Flog the flag

Ever since time in memoriam people have clung to flags, draped themselves in them, waved them, waved at them, flown them at half-mast, lowered and raised them, and sometimes even turned them into undies.

Sydney’s new landmark.

There is no doubt that nothing stirs the super patriotic spirit in all of us more than gazing up at a flag flapping proudly as we shoot the breeze. That is why we never let our flag flag. And when we get tired of singing the national anthem in front of the same old flag, we try to break some records by making the biggest flag ever, and draping it over the side of a convenient mountain. Which is what the Kuwaitis did on Ama Dablam this month.

Speaking for my own asinine self, I am a bit puzzled about the whole hulabaloo. What the Kuwaitis did was no different than what we Nepalis do all the time with our double triangle. Look at our flag at Mandala, proudly waving in the polluted air even though its edges are fraying and the red has turned into a lighter shade of pink — the message it gives is that we may be one of the poorest countries in Asia, but we rank a glorious 124 in the Transparency International Corruption Index, even beating Ukraine.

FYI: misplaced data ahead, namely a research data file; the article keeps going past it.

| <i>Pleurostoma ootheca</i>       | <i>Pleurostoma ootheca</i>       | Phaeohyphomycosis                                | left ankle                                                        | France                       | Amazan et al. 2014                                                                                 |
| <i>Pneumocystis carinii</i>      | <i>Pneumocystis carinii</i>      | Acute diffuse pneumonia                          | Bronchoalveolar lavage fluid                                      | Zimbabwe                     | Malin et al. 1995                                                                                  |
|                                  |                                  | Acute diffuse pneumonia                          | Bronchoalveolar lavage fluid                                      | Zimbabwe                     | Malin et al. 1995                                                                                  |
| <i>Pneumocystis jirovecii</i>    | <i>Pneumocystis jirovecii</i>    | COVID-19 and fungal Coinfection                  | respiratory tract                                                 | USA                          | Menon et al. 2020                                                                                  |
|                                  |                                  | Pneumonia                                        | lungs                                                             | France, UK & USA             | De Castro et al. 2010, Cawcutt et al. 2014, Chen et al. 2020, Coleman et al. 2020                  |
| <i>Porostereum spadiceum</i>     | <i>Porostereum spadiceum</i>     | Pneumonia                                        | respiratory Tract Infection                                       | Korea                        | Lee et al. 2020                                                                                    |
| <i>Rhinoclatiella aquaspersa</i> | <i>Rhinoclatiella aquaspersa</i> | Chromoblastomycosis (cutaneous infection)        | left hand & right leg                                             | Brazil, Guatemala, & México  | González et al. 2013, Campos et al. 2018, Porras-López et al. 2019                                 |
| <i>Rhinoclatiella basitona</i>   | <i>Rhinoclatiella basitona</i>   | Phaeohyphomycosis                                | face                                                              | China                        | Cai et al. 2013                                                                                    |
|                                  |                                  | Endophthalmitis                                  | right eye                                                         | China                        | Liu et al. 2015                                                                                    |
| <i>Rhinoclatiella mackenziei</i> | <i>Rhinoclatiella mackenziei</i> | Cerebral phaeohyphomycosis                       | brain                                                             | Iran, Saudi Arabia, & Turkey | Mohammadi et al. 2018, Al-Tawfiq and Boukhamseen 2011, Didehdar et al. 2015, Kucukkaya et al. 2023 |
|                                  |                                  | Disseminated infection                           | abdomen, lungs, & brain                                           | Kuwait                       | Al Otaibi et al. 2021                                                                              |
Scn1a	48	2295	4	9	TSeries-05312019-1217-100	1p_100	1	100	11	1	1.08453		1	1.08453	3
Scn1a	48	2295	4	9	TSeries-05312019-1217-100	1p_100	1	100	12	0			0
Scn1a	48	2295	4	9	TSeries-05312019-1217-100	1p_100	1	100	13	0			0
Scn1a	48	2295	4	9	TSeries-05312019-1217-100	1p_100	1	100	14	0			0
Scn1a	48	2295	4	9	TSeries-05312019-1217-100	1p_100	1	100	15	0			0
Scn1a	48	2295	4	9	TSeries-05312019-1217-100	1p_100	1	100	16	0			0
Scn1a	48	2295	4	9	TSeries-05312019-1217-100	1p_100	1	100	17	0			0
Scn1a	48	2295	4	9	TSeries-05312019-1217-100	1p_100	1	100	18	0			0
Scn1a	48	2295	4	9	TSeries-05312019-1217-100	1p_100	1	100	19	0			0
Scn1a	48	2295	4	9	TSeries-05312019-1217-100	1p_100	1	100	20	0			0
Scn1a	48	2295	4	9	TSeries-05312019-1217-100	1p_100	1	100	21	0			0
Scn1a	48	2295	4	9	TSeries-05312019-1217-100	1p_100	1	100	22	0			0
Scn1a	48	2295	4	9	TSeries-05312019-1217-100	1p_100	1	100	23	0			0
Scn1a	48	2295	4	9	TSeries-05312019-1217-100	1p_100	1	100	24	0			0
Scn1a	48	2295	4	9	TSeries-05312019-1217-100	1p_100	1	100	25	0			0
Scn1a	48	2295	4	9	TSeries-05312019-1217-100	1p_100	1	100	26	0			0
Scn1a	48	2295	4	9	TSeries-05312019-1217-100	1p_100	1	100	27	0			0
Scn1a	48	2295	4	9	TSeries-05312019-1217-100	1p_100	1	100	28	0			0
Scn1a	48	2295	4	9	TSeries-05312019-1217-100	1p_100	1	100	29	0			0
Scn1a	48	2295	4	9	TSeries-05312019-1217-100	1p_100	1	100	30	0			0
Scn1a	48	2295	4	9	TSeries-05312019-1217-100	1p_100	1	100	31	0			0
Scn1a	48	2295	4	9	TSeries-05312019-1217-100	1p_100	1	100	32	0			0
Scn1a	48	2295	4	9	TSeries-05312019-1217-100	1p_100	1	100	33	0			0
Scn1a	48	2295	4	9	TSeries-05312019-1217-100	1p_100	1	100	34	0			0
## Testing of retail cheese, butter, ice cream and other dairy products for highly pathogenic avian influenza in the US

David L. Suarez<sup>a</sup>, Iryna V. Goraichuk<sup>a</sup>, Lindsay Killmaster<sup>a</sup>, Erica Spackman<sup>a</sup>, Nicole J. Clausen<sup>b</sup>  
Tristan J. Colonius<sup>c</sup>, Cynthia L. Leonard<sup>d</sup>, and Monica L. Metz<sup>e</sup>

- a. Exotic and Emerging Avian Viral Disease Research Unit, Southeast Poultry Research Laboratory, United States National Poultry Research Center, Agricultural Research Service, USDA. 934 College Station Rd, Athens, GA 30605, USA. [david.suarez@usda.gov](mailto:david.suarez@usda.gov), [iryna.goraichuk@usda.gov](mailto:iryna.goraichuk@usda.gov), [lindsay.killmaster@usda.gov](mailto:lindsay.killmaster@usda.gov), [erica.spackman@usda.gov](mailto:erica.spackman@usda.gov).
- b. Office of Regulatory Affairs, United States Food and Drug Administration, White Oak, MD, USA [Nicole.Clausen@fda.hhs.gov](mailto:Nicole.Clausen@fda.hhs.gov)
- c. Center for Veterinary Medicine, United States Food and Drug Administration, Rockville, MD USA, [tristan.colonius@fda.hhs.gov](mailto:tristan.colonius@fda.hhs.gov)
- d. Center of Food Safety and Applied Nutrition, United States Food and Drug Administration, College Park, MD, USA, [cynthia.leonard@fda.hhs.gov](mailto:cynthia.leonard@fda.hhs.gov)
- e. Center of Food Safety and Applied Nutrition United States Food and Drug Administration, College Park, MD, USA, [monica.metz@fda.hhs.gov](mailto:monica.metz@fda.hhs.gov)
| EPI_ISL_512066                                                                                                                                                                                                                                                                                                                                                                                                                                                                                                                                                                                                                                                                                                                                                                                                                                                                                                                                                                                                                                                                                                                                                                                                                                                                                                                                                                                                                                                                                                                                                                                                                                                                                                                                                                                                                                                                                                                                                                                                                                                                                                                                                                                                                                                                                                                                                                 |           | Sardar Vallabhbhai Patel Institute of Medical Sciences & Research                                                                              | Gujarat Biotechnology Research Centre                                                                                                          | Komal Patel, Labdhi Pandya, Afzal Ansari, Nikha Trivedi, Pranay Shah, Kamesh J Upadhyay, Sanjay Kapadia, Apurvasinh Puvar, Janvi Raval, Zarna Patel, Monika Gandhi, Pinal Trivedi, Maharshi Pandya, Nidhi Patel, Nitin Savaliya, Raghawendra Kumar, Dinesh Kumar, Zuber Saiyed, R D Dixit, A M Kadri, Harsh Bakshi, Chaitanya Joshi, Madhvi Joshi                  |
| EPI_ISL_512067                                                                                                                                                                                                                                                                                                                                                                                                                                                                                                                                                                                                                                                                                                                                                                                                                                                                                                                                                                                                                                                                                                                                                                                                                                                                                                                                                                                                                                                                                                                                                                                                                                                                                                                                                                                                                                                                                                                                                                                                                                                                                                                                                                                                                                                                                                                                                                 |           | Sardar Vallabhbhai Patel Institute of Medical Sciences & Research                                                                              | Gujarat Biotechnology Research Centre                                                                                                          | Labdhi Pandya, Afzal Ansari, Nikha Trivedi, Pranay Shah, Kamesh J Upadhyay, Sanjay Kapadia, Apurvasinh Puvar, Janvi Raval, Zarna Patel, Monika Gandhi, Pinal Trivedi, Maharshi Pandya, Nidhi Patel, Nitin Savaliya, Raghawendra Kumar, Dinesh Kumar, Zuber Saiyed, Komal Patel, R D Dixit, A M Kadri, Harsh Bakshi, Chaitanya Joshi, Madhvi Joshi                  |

What makes Nepal really unique is not Mt Everest, Lumbini, or even Pappu Construction. It is our double triangle. So let us proudly tell the world that not all flags have to be boring rectangles. In conclusion, let me flag an important point: why not flog our flag at prominent landmarks around the world for #VisitNepal2020?

The Ass

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